Grandmaster Lev Polugaevsky was a complicated chess player. Although – ironically – his name means “lion”, it has been said that he was a very timid kind of guy, and that this was the reason he was never able to directly compete for the world championship. He is famous for taking opening preparation to an unprecedented level, and it has even been suggested that his huge emphasis on pre-game analysis was the result of a lack of confidence in being able to solve the problems over the board, despite his undoubted practical strength.
At the same time, he played the sharpest, most complicated games, in which often his king barely survived before his counterattack began. He carried out the riskiest ideas – always, though, they were backed up by deep analysis, either before the game or during it. In many games – such as the one we will be seeing today – his king lingered in the center while a counterattack was prepared.
His raison d’être was a very sharp variation of the Najdorf which is now known as the “Polugaevsky variation". In this variation Black walks a thin line, subjecting his king to a number of possible sacrificial blows. All of this for a potential positional advantage, or – if White declines to take up the challenge – a “half-tempo” lead compared to the main lines. Polugaevsky invented the variation and analyzed it in incredible depth. Such devoted work on one specific variation of the game of chess might seem strange or limiting to some people, but think of the millions who spend their lives in an office, processing forms all day.
At this point Gruenfeld was quite simply intimidated by the surprise blow 20...Nb3+ and played the losing move 21.Kb1?, after which Black remains with an extra piece. There is still some excitement to come, but unfortunately it meant that Polugaevsky did not get to reveal the deep calculations he made when he decided on 17...b4. We will now look at this fantastic variation which could - should - have happened in the game, but did not:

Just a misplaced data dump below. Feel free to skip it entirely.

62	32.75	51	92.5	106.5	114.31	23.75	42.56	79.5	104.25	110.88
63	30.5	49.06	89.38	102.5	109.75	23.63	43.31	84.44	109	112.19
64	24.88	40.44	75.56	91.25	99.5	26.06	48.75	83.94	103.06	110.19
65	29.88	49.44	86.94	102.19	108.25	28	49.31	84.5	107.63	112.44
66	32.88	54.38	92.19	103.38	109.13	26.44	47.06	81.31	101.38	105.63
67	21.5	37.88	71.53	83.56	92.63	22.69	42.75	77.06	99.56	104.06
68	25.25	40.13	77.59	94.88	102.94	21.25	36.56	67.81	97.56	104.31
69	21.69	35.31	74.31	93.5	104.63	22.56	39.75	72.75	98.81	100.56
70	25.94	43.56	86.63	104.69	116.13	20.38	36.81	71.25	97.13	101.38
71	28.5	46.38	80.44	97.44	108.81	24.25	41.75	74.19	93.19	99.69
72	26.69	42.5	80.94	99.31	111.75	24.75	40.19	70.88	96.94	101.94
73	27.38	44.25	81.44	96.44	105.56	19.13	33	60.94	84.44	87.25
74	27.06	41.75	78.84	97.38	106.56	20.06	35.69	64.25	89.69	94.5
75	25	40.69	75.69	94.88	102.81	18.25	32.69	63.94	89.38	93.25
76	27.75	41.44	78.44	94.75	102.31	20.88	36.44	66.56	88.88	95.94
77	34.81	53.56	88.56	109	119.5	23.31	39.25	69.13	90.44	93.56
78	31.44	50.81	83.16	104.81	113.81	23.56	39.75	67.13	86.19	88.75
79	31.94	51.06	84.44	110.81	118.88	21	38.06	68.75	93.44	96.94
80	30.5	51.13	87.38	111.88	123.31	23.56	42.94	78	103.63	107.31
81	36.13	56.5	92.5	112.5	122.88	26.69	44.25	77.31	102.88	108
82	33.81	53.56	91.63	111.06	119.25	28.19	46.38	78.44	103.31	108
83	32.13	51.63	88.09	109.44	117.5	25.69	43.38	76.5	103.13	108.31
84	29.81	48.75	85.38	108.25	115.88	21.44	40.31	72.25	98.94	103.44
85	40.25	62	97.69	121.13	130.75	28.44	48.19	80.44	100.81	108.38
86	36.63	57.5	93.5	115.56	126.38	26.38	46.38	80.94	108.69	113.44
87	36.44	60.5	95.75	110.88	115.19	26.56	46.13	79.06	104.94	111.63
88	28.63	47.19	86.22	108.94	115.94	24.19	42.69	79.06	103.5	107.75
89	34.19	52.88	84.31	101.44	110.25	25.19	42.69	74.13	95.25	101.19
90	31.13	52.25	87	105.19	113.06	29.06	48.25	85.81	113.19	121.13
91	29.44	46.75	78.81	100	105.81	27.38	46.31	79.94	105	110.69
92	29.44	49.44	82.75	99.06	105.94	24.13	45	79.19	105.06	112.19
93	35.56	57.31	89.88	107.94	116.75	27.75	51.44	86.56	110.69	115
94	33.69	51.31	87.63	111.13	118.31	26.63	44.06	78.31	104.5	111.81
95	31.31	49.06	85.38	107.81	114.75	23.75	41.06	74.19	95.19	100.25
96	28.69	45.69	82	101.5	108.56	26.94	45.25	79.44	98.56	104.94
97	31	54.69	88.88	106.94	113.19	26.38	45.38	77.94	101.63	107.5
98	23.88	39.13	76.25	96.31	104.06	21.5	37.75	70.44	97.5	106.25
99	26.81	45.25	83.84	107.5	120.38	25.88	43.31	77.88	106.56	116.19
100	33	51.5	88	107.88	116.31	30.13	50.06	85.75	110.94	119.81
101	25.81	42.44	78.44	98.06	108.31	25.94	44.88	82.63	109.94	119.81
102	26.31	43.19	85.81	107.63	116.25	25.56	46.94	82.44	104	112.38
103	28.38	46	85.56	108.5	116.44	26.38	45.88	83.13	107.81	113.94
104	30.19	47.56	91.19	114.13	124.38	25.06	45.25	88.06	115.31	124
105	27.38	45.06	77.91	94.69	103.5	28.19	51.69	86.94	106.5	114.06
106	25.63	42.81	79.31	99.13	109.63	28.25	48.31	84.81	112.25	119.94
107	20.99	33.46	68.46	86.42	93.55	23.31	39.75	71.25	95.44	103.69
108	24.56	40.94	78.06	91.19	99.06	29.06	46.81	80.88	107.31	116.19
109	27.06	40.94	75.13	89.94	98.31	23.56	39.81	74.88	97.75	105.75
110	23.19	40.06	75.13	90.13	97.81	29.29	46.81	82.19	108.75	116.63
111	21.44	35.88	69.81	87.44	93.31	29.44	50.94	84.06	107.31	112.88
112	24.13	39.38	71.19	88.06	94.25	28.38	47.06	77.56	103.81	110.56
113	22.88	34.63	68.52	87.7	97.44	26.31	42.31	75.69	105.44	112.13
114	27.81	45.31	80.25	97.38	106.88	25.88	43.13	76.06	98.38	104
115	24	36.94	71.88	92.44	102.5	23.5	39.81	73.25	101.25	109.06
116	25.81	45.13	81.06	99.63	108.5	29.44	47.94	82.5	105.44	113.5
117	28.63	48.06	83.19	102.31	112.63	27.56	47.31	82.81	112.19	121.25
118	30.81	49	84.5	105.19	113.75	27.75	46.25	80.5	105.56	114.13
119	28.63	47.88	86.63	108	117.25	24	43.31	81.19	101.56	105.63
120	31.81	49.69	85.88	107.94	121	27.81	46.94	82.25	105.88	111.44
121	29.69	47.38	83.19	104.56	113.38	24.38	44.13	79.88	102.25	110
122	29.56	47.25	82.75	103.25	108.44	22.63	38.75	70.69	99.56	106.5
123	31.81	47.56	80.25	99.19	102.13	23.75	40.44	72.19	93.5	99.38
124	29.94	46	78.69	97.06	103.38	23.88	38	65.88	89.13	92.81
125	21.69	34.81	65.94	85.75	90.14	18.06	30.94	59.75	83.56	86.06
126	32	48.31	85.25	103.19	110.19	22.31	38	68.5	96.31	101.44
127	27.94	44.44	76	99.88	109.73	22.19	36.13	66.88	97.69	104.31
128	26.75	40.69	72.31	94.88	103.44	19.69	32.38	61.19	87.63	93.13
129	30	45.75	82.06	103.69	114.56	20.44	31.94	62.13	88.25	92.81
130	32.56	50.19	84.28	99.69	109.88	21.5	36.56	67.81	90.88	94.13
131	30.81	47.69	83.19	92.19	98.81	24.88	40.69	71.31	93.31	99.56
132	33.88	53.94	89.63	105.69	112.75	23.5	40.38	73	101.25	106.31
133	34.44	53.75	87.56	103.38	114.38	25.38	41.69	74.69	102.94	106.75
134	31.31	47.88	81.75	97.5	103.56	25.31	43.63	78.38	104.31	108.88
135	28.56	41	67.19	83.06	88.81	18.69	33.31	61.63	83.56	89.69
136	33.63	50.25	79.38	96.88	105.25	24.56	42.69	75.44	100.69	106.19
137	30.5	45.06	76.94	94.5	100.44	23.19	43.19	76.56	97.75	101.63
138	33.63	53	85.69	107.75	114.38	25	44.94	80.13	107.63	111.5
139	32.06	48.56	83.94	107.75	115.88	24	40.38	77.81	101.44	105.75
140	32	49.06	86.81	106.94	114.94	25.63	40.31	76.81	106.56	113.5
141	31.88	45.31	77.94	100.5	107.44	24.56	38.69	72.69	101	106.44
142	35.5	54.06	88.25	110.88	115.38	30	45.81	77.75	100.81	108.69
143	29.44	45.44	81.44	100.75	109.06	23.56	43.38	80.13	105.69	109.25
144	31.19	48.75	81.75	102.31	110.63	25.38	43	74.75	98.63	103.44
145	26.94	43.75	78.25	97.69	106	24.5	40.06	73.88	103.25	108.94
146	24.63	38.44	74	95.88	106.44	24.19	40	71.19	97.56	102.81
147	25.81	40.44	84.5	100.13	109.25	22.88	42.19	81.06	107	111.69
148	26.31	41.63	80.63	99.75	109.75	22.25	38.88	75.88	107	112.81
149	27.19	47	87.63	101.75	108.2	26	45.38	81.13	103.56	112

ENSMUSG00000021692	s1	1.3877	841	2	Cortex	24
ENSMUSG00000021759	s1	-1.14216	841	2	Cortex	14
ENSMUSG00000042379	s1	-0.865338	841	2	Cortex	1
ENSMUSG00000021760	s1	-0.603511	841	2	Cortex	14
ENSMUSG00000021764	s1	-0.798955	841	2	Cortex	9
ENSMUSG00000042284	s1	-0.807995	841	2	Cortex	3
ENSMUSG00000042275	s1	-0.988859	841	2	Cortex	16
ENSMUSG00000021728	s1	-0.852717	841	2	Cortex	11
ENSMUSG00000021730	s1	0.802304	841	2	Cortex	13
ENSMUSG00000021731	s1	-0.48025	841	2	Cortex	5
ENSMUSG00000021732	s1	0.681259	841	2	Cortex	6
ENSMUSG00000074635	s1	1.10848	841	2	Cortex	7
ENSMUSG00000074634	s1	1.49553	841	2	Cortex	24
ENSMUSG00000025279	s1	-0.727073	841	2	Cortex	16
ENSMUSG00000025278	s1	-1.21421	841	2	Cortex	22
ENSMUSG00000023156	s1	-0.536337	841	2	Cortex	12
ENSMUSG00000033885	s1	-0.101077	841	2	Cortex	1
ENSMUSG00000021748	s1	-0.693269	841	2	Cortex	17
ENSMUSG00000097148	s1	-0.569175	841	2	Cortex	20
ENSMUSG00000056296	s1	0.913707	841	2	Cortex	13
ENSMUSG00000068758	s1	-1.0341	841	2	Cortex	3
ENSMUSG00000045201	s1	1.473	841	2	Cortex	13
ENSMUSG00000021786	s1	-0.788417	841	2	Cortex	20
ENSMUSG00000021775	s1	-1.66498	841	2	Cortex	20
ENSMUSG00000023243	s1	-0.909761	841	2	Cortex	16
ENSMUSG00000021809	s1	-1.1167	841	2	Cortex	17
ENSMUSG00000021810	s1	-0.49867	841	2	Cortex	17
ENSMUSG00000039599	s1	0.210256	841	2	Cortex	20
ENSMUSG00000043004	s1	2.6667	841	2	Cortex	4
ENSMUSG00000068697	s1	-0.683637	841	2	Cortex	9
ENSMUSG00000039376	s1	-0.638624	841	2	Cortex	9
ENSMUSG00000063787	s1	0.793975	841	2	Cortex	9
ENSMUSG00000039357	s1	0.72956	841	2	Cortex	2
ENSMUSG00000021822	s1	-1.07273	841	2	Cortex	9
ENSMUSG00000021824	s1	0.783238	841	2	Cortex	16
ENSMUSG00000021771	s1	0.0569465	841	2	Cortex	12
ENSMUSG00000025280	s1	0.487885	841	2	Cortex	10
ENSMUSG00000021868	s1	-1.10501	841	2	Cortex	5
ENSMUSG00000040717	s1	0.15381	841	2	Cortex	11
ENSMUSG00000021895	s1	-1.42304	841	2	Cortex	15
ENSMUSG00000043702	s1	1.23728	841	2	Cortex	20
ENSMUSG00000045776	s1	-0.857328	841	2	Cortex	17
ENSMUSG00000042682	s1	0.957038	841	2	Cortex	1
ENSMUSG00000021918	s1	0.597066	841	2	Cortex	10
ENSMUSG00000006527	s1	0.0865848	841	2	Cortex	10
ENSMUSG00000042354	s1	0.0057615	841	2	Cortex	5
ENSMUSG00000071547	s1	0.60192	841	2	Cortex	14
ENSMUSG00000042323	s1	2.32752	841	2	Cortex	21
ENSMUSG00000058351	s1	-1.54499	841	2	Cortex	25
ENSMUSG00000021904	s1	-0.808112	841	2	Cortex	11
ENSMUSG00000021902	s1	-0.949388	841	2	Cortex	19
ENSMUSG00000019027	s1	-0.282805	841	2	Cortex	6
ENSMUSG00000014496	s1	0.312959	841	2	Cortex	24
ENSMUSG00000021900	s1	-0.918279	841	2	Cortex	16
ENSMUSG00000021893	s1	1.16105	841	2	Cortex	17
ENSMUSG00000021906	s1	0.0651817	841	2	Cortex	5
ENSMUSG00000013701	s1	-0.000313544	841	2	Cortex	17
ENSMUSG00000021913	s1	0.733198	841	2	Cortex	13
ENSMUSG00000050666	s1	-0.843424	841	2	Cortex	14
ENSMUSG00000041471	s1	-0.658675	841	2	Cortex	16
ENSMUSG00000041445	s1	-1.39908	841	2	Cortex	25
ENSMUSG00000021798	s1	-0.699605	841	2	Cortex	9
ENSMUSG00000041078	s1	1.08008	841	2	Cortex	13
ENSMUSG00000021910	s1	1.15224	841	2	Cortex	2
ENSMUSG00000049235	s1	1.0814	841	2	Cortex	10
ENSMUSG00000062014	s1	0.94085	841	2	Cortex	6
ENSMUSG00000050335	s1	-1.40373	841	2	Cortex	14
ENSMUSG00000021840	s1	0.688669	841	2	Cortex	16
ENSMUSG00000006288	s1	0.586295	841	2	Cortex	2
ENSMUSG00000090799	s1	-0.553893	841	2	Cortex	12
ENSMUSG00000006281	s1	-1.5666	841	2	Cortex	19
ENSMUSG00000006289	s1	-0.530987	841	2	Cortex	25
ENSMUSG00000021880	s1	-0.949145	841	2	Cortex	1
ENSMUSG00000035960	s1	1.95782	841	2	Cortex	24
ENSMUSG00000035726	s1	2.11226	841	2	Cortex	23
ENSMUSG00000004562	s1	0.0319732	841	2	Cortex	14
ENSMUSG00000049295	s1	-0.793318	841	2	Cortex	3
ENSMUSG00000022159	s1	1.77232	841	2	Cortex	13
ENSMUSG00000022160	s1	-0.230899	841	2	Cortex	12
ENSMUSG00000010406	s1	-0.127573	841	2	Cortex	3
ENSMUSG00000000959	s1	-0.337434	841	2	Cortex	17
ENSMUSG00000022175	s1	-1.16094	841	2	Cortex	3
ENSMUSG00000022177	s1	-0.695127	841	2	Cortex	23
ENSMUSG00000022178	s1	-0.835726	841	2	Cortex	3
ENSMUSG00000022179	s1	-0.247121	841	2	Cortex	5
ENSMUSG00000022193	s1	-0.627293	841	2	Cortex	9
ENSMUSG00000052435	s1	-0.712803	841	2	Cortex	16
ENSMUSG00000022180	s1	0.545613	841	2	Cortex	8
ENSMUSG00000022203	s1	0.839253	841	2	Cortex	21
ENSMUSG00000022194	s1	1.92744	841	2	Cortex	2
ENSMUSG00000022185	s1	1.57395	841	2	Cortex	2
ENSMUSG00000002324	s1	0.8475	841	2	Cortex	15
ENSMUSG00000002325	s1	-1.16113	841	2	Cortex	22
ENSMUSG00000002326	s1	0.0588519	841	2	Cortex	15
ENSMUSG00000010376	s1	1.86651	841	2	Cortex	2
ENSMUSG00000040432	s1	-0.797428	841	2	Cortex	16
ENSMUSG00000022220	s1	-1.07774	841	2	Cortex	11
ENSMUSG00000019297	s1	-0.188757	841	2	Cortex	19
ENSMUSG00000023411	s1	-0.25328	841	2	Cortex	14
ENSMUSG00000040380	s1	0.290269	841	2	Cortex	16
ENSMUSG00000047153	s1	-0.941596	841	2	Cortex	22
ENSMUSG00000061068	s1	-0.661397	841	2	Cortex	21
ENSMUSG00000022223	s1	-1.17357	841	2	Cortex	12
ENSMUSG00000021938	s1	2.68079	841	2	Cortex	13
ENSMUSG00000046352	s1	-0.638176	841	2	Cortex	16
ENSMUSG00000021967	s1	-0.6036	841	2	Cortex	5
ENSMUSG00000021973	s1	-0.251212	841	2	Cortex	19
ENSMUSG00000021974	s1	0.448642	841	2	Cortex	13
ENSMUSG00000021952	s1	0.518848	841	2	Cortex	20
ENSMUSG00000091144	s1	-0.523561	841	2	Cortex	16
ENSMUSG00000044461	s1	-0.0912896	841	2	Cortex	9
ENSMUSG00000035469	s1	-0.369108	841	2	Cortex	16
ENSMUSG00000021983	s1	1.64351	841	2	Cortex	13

According to Polugaevsky's annotations, he calculated the majority of this during the game, taking about an hour to decide on 17...b4. While it is the norm rather than the exception for strong players to claim that they calculated more than they actually did, Polugaevsky does not seem to be the kind of person to do that. I do not know how much Gruenfeld saw. Although it appears that 21.axb3 should lead to a draw while the move in the game (21.Kb1) is obviously much worse for White, it is very easy for a player to be unsettled and confused by the situation created by his opponent. Perhaps he saw the forced variation with the king walking up to f4, with many pieces hanging, and thought, "there must be a win for Black." Such a vague assessment, based on emotion, can easily cause desperation to set in, so he played the losing move.
So, Polugaevsky's enormous calculations at move 17 were wasted - or were they? The variations at move 21 did not come about, but their existence baffled Gruenfeld to such an extent that he made a losing move instead.
We all know that what seems obvious in post-game analysis - that by method of elimination White had to choose 21.axb3, regardless of the dangers - can seem completely confusing with the clock ticking. Fears, worries and self-reproach can all get in the way of rational thinking and literally freeze the mind. On the other hand, sometimes competitive situations can bring out a player's creativity and allow him to find ideas that he might miss when analysing in the comfort of his home. The big difference here is that the complications were initiated by Polugaevsky. Thus the situation was upsetting and confusing for Gruenfeld, regardless of the objective evaluation - the more so since his choice of 6.Bg5 indicated that he wanted to be the one doing the attacking!